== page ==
Anyway, I headed to the desk to do the first swap. Per usual, madness ensued. There was obviously no line, which meant head down, elbows up as I burrowed my way to the front, no holds barred. Travel agents were exchanging stacks of thirty and forty tickets at a time, and the system was archaic. The woman behind the counter would write down each ticket number on a enormous ledger, followed by another six or seven different 5-digit numbers and either the letter A or B. Then she’d key in some crucial data into her green-screen dos computer, hit print, and wait for the new ticket to print out of the world’s first printer. This cycle had to be repeated for EVERY SINGLE TICKET. Then, once the ledger was full, she’d tear it off, throw it away and start the next one!
My head was on the verge of exploding as I waved my tickets frantically in front of the woman’s face. Finally she bit. While she was “busy” crunching numbers the man next to me began spouting off about me in Chinese. “Stupid foreigner not waiting in line. That is so rude.”
“Nobody is in line,” I replied. “Well you are a foreigner. You should line up,” he retorted. Yeah, great plan buddy. I’ll line up and wait patiently while the rest of you charge in front, making it impossible to be served. “Foreigners are supposed to be polite,” he said. “And what’s keeping you from being polite,” I asked. He turned away.
New tickets in hand I returned to Anne and we went back to the ticket-taker. “Ahh, you’re at dock six,” she said, in Chinese. You need to go out here, down, around, over the bridge and across the island. Super. Ten minutes of aimless wandering later some guy in a badge offered to help and I, for whatever reason, accepted. Another fifteen minutes later and we were in his tour company’s office. It turns out he had no idea where our boat was. He just wanted to sell us some overpriced temple tour garbage. After yelling at him in Chenglish we hit the streets once more, this time deciding to just scale down the 200 steps to the water, one step closer to the docks.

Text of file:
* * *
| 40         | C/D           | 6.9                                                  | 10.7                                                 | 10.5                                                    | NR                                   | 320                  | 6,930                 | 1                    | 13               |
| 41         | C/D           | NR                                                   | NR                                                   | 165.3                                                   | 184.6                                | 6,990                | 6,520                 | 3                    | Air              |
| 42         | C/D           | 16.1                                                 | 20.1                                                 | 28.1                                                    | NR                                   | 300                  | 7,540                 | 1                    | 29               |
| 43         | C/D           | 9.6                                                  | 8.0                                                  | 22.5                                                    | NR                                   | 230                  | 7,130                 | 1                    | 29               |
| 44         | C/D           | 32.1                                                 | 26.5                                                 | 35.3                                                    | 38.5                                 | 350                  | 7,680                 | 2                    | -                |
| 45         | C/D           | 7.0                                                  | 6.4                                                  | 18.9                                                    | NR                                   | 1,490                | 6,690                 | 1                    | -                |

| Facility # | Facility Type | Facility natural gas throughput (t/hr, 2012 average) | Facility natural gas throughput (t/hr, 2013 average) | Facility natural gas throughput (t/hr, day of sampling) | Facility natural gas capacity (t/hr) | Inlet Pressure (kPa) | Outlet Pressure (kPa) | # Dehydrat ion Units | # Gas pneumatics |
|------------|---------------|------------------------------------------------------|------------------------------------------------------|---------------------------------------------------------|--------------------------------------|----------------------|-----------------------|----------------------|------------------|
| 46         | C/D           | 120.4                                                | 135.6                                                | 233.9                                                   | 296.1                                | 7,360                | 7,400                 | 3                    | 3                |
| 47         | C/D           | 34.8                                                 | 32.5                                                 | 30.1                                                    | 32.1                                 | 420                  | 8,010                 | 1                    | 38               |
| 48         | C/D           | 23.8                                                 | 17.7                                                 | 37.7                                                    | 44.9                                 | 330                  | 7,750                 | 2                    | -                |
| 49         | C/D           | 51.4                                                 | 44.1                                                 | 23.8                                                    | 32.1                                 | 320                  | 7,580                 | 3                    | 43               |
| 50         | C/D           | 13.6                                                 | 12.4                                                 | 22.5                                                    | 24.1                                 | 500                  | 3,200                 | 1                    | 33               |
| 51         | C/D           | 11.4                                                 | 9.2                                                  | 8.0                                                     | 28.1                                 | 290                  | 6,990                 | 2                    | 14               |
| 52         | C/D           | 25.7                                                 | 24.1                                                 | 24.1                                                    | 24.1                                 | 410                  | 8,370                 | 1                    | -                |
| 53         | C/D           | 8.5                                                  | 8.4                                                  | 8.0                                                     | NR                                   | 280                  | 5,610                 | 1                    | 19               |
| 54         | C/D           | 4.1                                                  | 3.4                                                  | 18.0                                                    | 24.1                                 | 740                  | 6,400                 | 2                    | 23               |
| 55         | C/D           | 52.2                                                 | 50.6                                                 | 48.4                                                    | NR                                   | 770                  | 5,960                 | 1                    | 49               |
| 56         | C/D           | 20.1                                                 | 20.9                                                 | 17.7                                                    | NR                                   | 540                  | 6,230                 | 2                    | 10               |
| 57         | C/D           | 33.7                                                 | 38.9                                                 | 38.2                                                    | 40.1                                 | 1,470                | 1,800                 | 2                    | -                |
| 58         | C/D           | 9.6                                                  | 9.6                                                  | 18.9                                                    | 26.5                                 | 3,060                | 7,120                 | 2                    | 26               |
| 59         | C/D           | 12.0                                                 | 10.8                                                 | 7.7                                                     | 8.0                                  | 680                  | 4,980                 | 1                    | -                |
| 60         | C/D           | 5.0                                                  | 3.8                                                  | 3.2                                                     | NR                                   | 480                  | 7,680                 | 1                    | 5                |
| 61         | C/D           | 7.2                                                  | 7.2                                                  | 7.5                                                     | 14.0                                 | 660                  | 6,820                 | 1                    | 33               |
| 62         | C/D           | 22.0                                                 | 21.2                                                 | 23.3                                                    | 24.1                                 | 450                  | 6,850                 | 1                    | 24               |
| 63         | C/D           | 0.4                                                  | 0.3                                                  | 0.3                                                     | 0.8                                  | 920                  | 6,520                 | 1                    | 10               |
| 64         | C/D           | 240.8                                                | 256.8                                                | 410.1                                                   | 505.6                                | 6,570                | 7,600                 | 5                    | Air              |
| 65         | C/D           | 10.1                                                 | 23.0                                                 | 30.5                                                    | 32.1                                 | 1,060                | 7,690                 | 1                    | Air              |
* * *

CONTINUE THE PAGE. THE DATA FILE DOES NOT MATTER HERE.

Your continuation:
Our tickets said dock six, but these docks weren’t numbered. Abslutely no signs at all. Just pieces of rotting wood roped together to form a pseudo-ramp, pseudo Pirate’s plank leading to the lovely smelly river. By now we’re totally exhausted and still lost. I’m wearing my too-heavy backpack and carrying three other bags, Anne is lugging her rolling suitcase down the stairs. In the distance I can see some Swedes (I knew they were Swedes right away, no idea why). I ran toward them as if they were my parents and it was a dramatic homecoming. “Do you know where dock six might be,” I asked. “This is dock six,” they said in perfect, adorable Swedish union. I waved to Anne, who hunkered down once more, dragging the red beast (her huge suitcase) across the craggy rocks and eroded soil to the now growing line of hopeful travelers, waving off the bag-carrying men as she went. “I can do it!” she was yelling, in English and French. “I’m fine. Go away.”
Our boat was late (shocking), which meant plenty of time to make some friends and watch the other boat traffic. Right next to us (at what I presume was dock seven but can’t be sure as there are NO SIGNS AT ALL) was the Victoria Cruises boat. While we were waiting for our floating metal box we watched the wealthy, well-dressed foreigners board to the sound of live big band music, tuxedo-clad waiters handing out glasses of Champagne. I was wearing sweatpants. When we boarded our captain pumped screeching Beijing Opera through the hi-tech boat-wide PA system. A drunken police officer showed up to remind us to “lock door and mindfully be of passport” while offering a half-gone bottle of lukewarm green tea. Let the party begin.